10

United States v. Pelayo-Munoz, 905 F.2d 1429 (10th Cir.1990) is almost a carbon copy of the instant case. There the defendant was charged in a one-count indictment with the possession with an intent to distribute more than fifty kilograms of marijuana. The defendant eventually pleaded guilty, and as a part of the plea agreement, the government and the defendant agreed that the defendant was entitled to a two-level reduction in his base offense level for acceptance of responsibility and another two-level reduction because he was only a minor participant in the criminal activity alleged in the indictment. Another provision in the plea agreement provided that these stipulations were not binding on the court. Later, the district court did not accept the stipulations in the plea agreement and, inter alia, refused to reduce the defendant's base offense level by two levels based on his claimed minor participation in the criminal activity.

11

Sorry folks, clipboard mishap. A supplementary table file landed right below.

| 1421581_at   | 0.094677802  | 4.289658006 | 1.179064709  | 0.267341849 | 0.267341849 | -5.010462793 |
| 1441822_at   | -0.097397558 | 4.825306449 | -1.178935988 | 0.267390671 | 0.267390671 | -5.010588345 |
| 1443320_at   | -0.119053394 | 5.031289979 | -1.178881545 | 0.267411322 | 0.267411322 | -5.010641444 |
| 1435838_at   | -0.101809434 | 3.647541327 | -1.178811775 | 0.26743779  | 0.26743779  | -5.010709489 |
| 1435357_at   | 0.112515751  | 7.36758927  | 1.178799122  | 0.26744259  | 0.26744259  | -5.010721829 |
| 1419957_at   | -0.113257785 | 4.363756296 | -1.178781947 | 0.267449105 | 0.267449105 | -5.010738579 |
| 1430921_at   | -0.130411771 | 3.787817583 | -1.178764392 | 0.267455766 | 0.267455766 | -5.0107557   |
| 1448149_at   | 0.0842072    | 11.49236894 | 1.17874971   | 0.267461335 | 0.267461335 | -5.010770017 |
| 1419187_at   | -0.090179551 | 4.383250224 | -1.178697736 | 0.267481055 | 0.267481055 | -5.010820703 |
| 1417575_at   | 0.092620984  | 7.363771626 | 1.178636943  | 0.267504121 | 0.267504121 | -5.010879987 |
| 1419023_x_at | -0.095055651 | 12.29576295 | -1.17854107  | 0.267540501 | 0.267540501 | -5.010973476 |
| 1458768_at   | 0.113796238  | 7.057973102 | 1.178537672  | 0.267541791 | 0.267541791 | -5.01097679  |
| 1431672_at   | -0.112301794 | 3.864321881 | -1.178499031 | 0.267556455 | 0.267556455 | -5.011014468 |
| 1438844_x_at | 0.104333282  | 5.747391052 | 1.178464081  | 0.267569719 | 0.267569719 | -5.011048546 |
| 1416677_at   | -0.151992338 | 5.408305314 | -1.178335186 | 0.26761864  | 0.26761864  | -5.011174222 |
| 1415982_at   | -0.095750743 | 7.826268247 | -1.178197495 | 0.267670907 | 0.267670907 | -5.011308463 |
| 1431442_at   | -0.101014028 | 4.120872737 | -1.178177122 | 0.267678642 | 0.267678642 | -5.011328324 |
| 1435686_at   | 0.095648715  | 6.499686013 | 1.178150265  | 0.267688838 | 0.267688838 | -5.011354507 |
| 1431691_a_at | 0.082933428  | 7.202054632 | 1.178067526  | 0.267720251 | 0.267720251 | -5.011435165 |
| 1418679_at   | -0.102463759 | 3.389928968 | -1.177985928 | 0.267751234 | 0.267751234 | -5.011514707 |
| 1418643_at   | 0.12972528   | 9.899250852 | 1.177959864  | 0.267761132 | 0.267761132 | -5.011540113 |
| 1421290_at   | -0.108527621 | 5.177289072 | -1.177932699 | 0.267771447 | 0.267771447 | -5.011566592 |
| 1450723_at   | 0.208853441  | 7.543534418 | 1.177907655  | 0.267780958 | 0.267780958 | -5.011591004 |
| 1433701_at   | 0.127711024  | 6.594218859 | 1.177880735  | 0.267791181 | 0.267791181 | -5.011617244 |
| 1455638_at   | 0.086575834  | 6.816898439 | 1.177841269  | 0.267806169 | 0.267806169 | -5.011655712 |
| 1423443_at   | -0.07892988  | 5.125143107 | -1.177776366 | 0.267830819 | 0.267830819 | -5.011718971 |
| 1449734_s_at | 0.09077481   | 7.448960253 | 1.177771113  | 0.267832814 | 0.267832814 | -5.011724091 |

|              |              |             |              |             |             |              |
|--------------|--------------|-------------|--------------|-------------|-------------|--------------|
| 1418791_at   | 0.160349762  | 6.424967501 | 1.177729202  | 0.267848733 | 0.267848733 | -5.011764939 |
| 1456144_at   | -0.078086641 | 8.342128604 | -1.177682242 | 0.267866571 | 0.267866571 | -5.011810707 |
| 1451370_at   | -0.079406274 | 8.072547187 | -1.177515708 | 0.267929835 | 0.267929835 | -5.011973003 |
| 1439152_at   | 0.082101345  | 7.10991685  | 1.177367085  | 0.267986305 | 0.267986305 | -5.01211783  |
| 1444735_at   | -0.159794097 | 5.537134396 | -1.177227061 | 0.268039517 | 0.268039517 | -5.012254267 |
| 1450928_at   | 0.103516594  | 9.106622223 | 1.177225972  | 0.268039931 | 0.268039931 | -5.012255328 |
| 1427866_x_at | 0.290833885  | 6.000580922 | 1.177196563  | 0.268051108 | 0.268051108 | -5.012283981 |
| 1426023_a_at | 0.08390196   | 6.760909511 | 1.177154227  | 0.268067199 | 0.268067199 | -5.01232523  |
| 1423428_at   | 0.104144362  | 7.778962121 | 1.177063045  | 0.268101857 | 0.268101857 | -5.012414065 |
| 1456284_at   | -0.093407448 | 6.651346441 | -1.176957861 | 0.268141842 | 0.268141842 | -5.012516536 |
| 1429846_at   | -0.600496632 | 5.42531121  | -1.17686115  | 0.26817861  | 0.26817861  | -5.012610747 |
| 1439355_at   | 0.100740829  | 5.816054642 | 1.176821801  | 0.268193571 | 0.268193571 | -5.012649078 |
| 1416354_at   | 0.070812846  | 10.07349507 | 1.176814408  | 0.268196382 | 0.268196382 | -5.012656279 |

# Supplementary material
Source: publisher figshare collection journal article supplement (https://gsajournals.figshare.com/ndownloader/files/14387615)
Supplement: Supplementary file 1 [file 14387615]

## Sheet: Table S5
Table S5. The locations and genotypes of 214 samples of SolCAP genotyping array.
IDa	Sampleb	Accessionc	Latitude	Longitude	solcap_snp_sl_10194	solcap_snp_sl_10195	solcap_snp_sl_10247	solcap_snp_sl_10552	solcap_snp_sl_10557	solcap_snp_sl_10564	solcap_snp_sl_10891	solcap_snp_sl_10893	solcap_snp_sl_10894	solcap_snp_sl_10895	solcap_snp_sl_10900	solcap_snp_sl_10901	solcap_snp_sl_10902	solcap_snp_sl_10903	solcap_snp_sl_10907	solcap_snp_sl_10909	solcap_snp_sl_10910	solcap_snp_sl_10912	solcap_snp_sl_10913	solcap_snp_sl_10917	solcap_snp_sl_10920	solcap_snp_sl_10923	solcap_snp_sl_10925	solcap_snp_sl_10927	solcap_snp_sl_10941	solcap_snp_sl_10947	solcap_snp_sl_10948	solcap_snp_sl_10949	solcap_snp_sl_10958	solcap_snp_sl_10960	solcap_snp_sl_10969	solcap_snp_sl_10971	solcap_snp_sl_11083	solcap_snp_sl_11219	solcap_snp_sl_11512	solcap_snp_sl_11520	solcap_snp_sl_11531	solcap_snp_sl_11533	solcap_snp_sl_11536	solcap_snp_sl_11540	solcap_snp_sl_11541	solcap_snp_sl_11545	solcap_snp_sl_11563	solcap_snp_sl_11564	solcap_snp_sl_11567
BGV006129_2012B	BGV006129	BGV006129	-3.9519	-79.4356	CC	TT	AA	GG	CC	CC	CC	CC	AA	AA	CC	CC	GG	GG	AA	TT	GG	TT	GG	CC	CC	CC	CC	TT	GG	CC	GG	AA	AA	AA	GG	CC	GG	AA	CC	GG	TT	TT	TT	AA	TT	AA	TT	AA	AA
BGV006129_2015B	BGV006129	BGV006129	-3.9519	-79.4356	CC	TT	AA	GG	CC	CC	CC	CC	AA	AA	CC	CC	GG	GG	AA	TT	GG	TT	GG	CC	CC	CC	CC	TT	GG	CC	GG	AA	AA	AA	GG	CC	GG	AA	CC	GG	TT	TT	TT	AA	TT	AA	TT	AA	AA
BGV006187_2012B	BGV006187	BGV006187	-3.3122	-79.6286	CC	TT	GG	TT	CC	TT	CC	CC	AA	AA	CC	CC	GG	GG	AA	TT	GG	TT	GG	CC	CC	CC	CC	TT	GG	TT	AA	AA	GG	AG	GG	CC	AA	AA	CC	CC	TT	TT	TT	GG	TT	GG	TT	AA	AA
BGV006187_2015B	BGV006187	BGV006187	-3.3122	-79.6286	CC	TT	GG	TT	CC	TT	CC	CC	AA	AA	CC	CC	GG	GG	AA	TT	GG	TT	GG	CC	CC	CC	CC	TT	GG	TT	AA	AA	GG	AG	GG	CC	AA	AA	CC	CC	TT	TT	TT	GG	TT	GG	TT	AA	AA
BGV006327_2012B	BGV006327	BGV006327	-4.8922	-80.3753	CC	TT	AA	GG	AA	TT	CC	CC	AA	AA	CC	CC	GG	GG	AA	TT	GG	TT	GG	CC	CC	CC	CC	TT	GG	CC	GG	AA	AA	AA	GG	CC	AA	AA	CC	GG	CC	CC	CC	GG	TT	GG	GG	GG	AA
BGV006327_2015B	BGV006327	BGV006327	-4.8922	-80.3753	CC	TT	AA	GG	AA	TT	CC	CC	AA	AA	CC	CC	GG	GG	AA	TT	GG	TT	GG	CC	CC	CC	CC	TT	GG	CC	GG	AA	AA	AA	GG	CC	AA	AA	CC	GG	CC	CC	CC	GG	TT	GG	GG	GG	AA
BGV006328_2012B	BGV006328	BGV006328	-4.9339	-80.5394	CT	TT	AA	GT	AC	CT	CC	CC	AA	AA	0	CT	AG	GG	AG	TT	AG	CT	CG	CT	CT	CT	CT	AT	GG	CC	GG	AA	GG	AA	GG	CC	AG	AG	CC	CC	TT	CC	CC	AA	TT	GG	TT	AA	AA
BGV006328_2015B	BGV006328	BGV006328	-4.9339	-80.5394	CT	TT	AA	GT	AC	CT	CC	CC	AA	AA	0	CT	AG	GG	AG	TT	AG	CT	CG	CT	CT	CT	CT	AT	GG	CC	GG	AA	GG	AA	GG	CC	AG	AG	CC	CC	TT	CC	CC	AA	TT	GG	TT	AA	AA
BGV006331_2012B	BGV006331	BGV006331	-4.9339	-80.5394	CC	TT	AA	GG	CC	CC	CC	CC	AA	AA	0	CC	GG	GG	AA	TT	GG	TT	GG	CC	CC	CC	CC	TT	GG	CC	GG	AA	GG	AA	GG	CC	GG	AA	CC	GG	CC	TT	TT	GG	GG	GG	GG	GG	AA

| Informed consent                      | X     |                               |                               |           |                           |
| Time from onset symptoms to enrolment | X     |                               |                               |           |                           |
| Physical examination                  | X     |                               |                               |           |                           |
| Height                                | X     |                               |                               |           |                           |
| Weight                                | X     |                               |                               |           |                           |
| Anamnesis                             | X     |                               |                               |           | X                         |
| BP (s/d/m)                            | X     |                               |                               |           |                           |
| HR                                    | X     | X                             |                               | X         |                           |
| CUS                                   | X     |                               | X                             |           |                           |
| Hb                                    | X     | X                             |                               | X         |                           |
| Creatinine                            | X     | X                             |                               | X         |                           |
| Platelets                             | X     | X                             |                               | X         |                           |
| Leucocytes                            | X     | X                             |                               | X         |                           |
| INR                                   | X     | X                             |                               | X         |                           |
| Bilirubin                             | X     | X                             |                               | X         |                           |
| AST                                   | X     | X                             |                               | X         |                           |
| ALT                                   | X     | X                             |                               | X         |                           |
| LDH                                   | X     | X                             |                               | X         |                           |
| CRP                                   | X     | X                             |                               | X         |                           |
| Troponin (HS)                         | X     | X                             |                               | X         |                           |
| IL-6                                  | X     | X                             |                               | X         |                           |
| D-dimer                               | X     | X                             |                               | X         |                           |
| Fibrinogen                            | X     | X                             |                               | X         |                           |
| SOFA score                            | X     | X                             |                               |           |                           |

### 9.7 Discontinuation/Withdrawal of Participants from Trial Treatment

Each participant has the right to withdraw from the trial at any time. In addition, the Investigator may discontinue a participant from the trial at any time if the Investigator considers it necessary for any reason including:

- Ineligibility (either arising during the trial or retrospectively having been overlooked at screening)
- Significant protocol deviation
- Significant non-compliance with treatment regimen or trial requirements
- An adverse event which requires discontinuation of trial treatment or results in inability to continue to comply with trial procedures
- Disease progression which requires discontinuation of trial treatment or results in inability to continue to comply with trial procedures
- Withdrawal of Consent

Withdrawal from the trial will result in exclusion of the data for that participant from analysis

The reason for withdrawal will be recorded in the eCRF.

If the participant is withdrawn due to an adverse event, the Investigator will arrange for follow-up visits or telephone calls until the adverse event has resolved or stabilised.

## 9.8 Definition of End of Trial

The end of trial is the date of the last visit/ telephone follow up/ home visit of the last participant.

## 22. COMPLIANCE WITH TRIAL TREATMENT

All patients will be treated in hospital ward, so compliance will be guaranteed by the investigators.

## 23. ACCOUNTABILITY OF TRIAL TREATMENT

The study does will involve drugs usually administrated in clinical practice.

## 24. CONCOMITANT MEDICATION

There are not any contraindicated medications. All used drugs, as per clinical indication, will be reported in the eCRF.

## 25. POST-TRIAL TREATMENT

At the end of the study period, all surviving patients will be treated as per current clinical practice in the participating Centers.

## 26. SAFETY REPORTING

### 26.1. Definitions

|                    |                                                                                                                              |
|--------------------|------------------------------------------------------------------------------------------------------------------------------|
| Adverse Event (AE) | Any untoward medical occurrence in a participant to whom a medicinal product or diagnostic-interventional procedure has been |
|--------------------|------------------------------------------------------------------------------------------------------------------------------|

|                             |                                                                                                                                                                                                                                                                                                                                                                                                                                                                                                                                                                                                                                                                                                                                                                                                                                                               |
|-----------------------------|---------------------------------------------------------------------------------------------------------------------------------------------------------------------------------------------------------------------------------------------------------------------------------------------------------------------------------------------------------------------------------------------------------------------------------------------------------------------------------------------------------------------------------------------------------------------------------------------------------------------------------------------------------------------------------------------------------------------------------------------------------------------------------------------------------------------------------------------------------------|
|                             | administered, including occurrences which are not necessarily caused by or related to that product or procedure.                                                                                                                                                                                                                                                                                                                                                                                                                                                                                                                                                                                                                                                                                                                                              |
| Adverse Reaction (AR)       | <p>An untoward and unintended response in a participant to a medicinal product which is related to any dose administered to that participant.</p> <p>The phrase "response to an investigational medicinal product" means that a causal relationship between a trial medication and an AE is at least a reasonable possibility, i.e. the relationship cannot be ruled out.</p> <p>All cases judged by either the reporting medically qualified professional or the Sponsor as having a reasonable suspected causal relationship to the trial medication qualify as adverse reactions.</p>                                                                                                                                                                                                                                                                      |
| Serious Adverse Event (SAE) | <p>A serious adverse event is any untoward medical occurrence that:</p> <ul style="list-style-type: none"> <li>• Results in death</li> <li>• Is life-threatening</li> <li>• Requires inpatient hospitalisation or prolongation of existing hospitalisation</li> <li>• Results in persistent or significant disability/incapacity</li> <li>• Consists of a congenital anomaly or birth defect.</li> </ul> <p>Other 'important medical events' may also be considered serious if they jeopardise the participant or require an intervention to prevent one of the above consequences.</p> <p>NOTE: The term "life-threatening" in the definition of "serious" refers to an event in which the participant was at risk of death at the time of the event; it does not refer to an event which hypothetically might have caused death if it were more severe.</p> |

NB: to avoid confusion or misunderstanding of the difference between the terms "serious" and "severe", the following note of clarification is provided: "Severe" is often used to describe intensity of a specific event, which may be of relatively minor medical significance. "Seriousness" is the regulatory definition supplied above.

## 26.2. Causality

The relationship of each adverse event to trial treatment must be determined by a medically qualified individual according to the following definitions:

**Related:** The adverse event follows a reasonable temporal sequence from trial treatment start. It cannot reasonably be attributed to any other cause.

The defendant in Pelayo-Munoz was stopped by United States Border Patrol Agents while traveling northward on Interstate 25 near Hatch, New Mexico. A search of his vehicle revealed 128 pounds of marijuana. The defendant's contention was that he was a "mere courier" and therefore entitled to a two-level reduction in his base offense level for being a minor participant in the criminal activity. As indicated, the district court refused to classify the defendant as a minor participant and on appeal we affirmed. In so doing, we held that "[t]he fact that a defendant is a courier does not necessarily mean that he is a minor participant under section 3B1.2 of the Guidelines" and that the defendant there had failed to prove by a preponderance of the evidence that he was only a minor participant. Pelayo-Munoz, 905 F.2d at 1430-31. To this same effect, see United States v. Maldonado-Campos, 920 F.2d 714, 717 (10th Cir.1990); United States v. Donaldson, 915 F.2d 612, 615 (10th Cir.1990); United States v. Calderon-Porras, 911 F.2d 421, 423-24 (10th Cir.1990); and United States v. Arredondo-Santos, 911 F.2d 424, 426 (10th Cir.1990).